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Ruđer Bošcović (Roger Boscovich) (1711–1787) was born in Dubrovnik, in the Republic of Ragusa (now in Croatia). Interested in astronomy, trigonometry, and optics, he was the first to compute a planet’s orbit from just three observations of its position. Later he anticipated atomic theory by regarding atoms not as hard indivisible entities, but as centers of force. He also developed an early version of the method of least squares in statistics.
Croatia’s first mathematical instruction book was Mihalj Šilobod Bolšić’s Arithmetika Horvatszka (Croatian arithmetic book). Published in Zagreb in 1758, it presents the arithmetic of integers and fractions, the rule of three, practical work in accounting, and mathematical tables.
Bernard Bolzano (1781–1848) was born in Prague. Like Cauchy, he wished to formalize the idea of a continuous function, and in 1817 proved the intermediate value theorem that the graph of a continuous function takes on all values between its lowest and highest points. He also discovered a function that is continuous everywhere but differentiable nowhere. Living in Prague, he was isolated from mainstream European mathematical activity and his contributions had little impact.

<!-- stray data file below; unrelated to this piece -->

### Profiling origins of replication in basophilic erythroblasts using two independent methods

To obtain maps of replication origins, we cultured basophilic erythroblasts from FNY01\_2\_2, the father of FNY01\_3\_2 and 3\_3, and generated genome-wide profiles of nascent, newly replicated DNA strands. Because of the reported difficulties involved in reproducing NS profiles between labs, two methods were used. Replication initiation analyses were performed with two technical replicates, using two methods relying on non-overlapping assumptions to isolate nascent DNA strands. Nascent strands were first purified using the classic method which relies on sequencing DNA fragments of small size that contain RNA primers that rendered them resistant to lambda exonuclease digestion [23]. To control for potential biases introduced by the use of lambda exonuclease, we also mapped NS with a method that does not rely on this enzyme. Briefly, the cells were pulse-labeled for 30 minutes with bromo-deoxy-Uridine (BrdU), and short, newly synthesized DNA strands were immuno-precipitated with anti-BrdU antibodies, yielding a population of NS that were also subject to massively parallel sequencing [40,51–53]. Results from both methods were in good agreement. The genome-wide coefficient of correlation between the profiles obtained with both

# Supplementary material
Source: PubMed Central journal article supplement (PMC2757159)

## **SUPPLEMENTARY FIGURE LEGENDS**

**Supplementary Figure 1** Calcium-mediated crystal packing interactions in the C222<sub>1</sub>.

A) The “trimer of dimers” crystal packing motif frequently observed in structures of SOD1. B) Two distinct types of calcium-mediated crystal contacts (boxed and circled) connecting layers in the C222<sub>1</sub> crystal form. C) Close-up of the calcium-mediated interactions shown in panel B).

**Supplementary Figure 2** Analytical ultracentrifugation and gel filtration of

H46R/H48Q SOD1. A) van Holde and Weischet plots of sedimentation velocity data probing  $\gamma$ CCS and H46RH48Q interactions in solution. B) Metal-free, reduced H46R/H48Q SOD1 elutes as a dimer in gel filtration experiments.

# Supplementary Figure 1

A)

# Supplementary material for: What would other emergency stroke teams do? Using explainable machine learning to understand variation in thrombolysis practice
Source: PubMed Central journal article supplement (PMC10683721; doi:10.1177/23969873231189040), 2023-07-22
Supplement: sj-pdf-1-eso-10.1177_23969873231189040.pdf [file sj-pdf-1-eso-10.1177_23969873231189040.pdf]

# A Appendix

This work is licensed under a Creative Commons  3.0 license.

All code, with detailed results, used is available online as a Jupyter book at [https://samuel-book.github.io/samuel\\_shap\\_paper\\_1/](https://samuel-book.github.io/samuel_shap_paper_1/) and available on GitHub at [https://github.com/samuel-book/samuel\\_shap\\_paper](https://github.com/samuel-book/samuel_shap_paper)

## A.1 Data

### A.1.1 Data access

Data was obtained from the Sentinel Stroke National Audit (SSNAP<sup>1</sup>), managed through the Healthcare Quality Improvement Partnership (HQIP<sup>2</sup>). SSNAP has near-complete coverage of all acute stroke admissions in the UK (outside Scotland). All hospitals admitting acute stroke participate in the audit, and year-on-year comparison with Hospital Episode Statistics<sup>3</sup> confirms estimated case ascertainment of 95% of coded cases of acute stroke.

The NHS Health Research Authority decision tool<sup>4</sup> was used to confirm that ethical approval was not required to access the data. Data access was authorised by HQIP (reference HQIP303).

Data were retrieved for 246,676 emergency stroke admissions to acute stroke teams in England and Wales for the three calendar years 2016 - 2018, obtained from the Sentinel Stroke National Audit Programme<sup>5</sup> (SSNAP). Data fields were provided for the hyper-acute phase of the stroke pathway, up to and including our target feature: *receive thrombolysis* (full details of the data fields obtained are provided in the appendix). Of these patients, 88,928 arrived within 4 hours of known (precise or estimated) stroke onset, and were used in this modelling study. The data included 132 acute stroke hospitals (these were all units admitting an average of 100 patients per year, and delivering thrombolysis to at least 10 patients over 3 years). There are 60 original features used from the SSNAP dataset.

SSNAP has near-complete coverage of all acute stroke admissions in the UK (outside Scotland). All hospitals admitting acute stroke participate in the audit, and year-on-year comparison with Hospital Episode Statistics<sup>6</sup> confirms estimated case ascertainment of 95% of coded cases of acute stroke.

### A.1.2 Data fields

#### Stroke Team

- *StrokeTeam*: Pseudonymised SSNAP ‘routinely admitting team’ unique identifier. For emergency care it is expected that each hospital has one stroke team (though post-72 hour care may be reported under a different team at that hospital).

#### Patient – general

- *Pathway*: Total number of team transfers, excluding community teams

The Union of Czechoslovak Mathematicians and Physicists was founded in 1862, and its 125th and 150th anniversaries were commemorated philatelically. One of the 1987 stamps features the Prague astronomical clock and a computer graphic from the theory of functions, superimposed on a result from analysis.